Sen. Tom Carper, a Democrat from Delaware, has introduced a bill — The Washington, D.C. Admission Act — that would allow the District of Columbia to become the 51st state in the nation.
Carper made his announcement Tuesday with his colleague Sen. Chris Van Hollen (D-Maryland), D.C. Del. Eleanor Holmes Norton (D), D.C. Mayor Muriel Bowser (D) and D.C. Council Chairman Phil Mendelson (D) on Capitol Hill. The senator said the time has come for District residents to be recognized as full citizens by its federal government.
“We have been taught in school that when our founders built a new nation, they cried ‘no taxation without representation’ — a slogan that has stood the test of time,” Carper, 76, said. “Unfortunately, ‘taxation without representation’ is the current reality for nearly 700,000 citizens living in the District of Columbia. These citizens do not have a voting representative in either chamber of Congress. They pay more federal taxes per capita than citizens of any of the 50 states, but have no say in how these taxes are actually spent. They serve in the military and can be sent to battle in a war that had no say in fighting. This is wrong and not consistent with the values we hold dear as Americans.”
Carper said D.C. statehood is an issue that goes bipartisan beyond politics.
“This isn’t a Republican or Democratic issue — it’s an issue of fairness. I am proud to once again partner with Congresswoman Norton on this important issue and look forward to the work ahead to make D.C. statehood a reality,” he said.
Carper made his bill introduction as the new 118th Congress, which started earlier this month, proceeded to conduct its business. Carper first introduced legislation to grant the District statehood in 2013 and has sponsored legislation in every congressional session since. In September 2014, Carper held the first hearing on D.C. statehood in decades as chairman of the Committee on Homeland Security and Governmental Affairs. In June 2021, Carper joined his colleague, Sen. Gary Peters (D-Michigan), the chair of the Committee on Homeland Security and Governmental Affairs, in leading a hearing on the issue of D.C. statehood.
Carper has garnered 42 original cosponsors for his bill, all Democrats and independents. One of the original cosponsors, Van Hollen, said the District not being a state amounts to a “national scandal.”
“It is a national scandal that the people who live in the capital of the oldest democracy in the world have fewer political rights than those who live outside it,” Van Hollen, 64, said. “Simply put, denying the people of the District of Columbia the same rights to voting representation in the House and Senate enjoyed by other citizens is undemocratic. It’s time to grant the District statehood, end taxation without representation, and deliver equality and fairness to its residents.”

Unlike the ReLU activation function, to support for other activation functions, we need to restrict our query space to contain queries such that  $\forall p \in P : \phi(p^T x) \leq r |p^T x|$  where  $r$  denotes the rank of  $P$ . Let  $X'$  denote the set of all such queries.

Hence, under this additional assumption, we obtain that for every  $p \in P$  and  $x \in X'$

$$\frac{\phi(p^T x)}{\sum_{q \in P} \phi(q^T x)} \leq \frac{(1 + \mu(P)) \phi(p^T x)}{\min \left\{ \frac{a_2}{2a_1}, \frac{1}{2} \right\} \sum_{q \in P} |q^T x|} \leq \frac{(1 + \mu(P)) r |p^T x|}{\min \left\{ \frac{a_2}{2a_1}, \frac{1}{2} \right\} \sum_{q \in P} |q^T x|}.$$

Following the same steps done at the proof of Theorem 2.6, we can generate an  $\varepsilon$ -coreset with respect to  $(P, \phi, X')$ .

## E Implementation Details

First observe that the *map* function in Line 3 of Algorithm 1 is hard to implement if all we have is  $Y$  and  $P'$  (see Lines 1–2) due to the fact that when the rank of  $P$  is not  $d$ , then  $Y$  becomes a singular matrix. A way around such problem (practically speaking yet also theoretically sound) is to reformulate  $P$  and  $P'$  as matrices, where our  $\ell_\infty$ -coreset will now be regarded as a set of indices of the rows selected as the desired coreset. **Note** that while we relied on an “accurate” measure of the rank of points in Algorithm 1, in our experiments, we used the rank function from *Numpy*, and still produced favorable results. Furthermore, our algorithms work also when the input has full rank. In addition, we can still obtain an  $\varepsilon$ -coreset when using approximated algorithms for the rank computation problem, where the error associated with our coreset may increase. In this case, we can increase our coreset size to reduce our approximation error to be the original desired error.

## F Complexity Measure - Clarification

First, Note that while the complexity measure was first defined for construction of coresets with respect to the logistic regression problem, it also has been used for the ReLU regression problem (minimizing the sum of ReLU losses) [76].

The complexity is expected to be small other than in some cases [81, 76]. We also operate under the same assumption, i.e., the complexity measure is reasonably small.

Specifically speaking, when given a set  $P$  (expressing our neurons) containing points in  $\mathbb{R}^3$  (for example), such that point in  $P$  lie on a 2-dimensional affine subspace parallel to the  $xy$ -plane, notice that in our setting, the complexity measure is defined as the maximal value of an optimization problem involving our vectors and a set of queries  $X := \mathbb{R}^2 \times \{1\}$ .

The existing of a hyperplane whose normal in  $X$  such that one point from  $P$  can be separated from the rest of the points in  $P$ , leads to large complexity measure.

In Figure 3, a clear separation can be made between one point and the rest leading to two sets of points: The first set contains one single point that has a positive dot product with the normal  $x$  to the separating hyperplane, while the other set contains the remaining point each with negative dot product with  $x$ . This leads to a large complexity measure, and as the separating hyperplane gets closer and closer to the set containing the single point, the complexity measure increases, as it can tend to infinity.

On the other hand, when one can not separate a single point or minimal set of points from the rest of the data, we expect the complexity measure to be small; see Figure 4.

Norton, 85, picked up on the unfairness of taxation without representation and thanked Carper for his commitment to the D.C. statehood.
“The single idea of ‘taxation without representation’ that gave rise to the American revolution still resonates today,” she said, emphasizing the fact that Washingtonians pay the highest federal taxes per capita — an injustice also echoed by Mayor Bowser. “[D.C. residents pay] more federal taxes than 23 states, and the District has a bond rating higher than 35 states. They’ve fought and died in every war since the Revolution, and they deserve voting representation in Congress and full self-government. Thank you to Senator Carper, our longtime ally, for leading the charge in the Senate.”
Carper didn’t speculate on when a Senate committee will consider his bill.
Presently, Norton has 173 cosponsors for her D.C. statehood bill, and previously led efforts for the House to pass her statehood bill in 2020 and 2021.
Mendelson, 70, said he realized that many Republicans oppose D.C. statehood because of the political demographic of the city.
“They say we are too liberal and too Democratic,” the chairman said. “Therefore, this has become a partisan issue.”
Mendelson said the District is penalized because of its lack of statehood noting that the D.C. Council could not send its laws to the Congress for review a few weeks ago because of the House’s stalemate in electing its speaker and Wall Street firms’ ongoing concern about the city’s financial stability — despite its well-regarded rating — due to congressional uncertainty.
Charles Wilson, the chairman of the D.C. Democratic State Committee, attended the news conference. While Wilson expressed his satisfaction with Carper’s legislation, he said more work needs to be done in order to ensure the District joins the union.
“We have to win more elections,” he said. “The only way we are going to get statehood is to have a Democratic House, a Democratic Senate and a Democrat in the White House.”